DX: What do you think about the consistent comparison between Black and the late J Dilla?
Again, it just plays on what I said earlier about people wanting to kind of categorize things theyre familiar with. And of course, I think every producer who listened to Hip Hop in the last 10 to 15 years is gonna be inspired by Dilla because he was such a great producer. As many similarities as there are between their styles, there are a lot of differences as well. And I dont think Black is trying to bite Dilla or trying to pick up where he left off; I think Black is doing his own thing and I think it even shows more so on his new album Tronic where he was experimenting with a lot of different sounds and different things. But if youre gonna be compared to any producer, I would assume that Dilla would be one of the guys youd want to be compared to no matter who you are [laughing] cause he was probably one of the greatest to do it.

DX: Why is it, in your eyes, that you and Skyzoo have such strong chemistry?
We walked a similar path. Were both young guys from Brooklyn, New York who love Hip Hop music. And for the most part, that right there entails a lot of similarities between our lives and what we do. And we have good chemistry because I think first and foremost we were fans of each others music. We werent put together by [DJ Premier] and no one forced us to be a group or anything like that. We were just two dudes who love Hip Hop, who have mutual respect for each others work, and who decided to work together. And I think it shows in the product we put out because we have incredible chemistry.

DX: Tell us how you both worked together with DJ Premier. Of the two joints, does one mean more to you?
One doesnt mean more but they both have two separate places in my heart for different reasons. Preem is a deejay, obviously, and I think true deejays really keep their ears to the street, and look to break new records and break new artists. And Preem having a show on Sirius Radio, he was able to listen and find a lot of new artists and break em, cause the show is premised on breaking new acts. With that being said, he was a fan of Skyzoos music, the stuff he had put out with 9th Wonder [click to read], and he was a fan of my group, The Coalescence and the music that we had put out prior to me doing my solo thing. And he expressed that he wanted to work with each of us individually, but due to time constraints that guy is always busy he decided that it would probably be better if we did the record together. He asked if we were opposed to it, and of course we werent, its a dream come true to get a record produced by DJ Premier. We went into the studio and we knocked out the first joint, Get it Done [click to listen]. Actually, Click [click to listen] was the first beat that Preemo made, but he said that wasnt the first record he wanted us to come out on, so he went back to the studio and cooked up another gem, and the result was Get it Done. And people loved it, it literally changed my life overnight once that record hit and touched downthe way that people reacted to it, the way that Internet went crazy about it, and definitely one of my favorite records because of the impact that it had on changing the course of my career.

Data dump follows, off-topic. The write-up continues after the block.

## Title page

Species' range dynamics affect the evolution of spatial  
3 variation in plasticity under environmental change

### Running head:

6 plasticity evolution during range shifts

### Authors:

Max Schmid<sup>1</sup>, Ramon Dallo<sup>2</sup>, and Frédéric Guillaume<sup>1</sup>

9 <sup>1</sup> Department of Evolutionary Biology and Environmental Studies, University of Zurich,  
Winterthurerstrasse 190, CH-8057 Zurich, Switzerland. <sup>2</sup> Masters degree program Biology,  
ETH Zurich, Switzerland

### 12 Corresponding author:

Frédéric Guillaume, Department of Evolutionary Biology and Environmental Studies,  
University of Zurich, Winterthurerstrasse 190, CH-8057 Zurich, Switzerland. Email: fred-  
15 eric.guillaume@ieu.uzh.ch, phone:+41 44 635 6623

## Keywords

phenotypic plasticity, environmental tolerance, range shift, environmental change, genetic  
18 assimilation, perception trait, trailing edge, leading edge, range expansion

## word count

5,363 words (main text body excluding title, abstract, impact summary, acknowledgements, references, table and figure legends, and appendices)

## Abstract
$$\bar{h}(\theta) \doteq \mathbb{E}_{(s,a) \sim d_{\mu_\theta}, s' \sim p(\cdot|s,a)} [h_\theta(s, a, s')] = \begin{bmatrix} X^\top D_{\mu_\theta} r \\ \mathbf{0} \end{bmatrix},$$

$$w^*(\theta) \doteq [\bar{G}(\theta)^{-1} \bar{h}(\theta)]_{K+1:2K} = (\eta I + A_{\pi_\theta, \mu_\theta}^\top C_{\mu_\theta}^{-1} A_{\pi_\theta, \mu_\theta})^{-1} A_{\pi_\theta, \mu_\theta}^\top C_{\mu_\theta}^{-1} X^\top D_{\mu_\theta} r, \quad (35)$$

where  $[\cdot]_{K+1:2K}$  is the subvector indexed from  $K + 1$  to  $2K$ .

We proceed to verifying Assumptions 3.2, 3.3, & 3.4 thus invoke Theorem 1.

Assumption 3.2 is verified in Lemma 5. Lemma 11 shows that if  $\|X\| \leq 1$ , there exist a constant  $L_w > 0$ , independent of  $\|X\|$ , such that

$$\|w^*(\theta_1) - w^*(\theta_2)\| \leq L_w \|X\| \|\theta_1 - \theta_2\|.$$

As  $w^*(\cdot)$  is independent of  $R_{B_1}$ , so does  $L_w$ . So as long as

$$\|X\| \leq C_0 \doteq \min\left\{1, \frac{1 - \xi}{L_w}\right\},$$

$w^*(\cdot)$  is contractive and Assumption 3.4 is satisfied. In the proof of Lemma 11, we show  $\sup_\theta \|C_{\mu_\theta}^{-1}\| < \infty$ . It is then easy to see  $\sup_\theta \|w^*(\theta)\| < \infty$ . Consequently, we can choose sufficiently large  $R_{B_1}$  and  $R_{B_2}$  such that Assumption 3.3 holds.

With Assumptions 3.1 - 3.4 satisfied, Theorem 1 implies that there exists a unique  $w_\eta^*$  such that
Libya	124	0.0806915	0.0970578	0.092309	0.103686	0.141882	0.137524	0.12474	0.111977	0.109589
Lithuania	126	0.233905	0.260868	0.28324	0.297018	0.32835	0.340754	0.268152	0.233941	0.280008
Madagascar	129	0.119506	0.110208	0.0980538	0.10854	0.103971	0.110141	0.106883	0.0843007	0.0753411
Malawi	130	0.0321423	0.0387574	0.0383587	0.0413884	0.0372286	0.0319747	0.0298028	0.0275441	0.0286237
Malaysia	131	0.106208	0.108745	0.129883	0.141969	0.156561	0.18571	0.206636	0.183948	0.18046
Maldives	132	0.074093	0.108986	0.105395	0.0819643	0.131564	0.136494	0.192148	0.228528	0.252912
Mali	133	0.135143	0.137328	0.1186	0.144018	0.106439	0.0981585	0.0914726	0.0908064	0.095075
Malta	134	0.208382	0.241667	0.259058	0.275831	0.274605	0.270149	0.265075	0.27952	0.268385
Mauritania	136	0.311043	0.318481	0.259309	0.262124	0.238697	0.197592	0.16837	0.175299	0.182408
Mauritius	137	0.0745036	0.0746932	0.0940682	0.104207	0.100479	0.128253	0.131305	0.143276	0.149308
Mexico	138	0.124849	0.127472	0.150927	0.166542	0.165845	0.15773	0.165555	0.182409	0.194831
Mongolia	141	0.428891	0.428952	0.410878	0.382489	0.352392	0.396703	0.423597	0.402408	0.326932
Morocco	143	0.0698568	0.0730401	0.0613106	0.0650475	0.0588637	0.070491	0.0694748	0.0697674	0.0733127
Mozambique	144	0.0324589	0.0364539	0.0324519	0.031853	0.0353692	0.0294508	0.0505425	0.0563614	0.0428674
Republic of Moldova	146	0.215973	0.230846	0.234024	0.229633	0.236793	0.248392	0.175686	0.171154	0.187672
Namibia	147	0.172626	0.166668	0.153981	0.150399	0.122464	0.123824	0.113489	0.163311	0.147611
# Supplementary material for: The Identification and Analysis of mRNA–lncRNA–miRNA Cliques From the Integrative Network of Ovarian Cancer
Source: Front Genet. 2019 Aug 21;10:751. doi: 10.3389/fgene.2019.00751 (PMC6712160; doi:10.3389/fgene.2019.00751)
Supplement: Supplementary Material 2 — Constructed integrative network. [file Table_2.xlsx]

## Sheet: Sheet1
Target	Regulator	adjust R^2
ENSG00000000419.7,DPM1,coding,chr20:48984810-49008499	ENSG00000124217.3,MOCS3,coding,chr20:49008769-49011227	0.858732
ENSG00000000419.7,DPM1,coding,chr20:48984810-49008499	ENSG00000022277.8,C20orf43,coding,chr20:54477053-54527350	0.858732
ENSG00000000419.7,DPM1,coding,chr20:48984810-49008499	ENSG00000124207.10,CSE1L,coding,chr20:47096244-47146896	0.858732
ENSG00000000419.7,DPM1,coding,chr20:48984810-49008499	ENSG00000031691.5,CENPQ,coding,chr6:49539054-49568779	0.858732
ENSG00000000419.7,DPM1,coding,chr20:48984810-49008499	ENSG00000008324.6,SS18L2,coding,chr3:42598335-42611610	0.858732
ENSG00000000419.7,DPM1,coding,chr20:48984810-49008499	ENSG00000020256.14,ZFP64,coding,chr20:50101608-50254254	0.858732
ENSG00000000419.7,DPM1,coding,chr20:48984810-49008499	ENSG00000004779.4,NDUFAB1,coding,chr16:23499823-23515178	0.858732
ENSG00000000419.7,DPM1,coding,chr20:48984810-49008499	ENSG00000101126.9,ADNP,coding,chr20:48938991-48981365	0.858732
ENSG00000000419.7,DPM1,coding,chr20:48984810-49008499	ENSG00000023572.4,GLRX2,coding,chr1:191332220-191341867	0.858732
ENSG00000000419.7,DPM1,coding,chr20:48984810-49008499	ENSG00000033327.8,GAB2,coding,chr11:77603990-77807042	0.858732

DX: Do you think the effect of Get it Done was stronger because you, Preem and Skyzoo all went into the studio together as opposed to the verses recorded separately and sent in?
Yeah, I definitely think that when youre in the lab, you get a chance to kind of vibe and bounce off one others thoughts and chemistry and feelings. And I think it makes just for a more organic record. Not saying that you cant do it sharing files and MP3s back and forth, but Im a purist at heart, and long before God sent emails and internet service, we had to go in the studio and record with one another [laughing]. So I always think that makes for a better sound, a better joint, and just organically and sonically everything kind of goes together better that way. So I definitely think that that helped the chemistry of the record: the fact that all three of us were in the lab together, creating.

DX: Were you nervous around Preem?
Definitely. And hes somebody that I chill out with, hang with and speak to on a regular basis now. But, just growing up and loving what the guys brought to the table as far as music and Hip Hop especially, just being a fan first and being a real person, I still get a little jittery when I get around any of the legends that I can call my friends now. Its always just a moment of awkwardness for me because its just surreal to actually be there, and be in their presence, and be cool with them.

DX: Absolutely. In August, you, Legend and DJ Nice dropped the Allow Me To Reintroduce Myself [click to listen] tape. Was it frustrating for you as a "young veteran" to be concerned with re-introducing yourself the same year you made such a warmly-received album?
I think the attention span of people nowadays is really shortened. And you kind of gotta stay in their face and in their ears. And [by] me focusing on the quality of music as opposed to putting out a certain quantity, I guess I was a little absent from the scene. I had dropped Daily Conversation and I thought usually you put a record out and it lasts at least a year or so but it seemed that people were kind of moving on and looking for the next thing, so I felt like what I needed to do was introduce them to some of the things that I did prior to Daily Conversation and after the Daily Conversation, things that they may have missed or some stuff that flew under the radar just because I was featured on it or whatever. So I figured itd be a great way to put out some more music for the people, give them some stuff they didnt hear and put on some of their favorite joints that they did hear, kind of compile them on one CD and give it out for a free download.

DX: The track "Think About It" with Teflon is truly a gem, reminding people never to mistake kindness for weakness. In 2008, when tough-talkers are at an all time high, how important do you think messages like that are?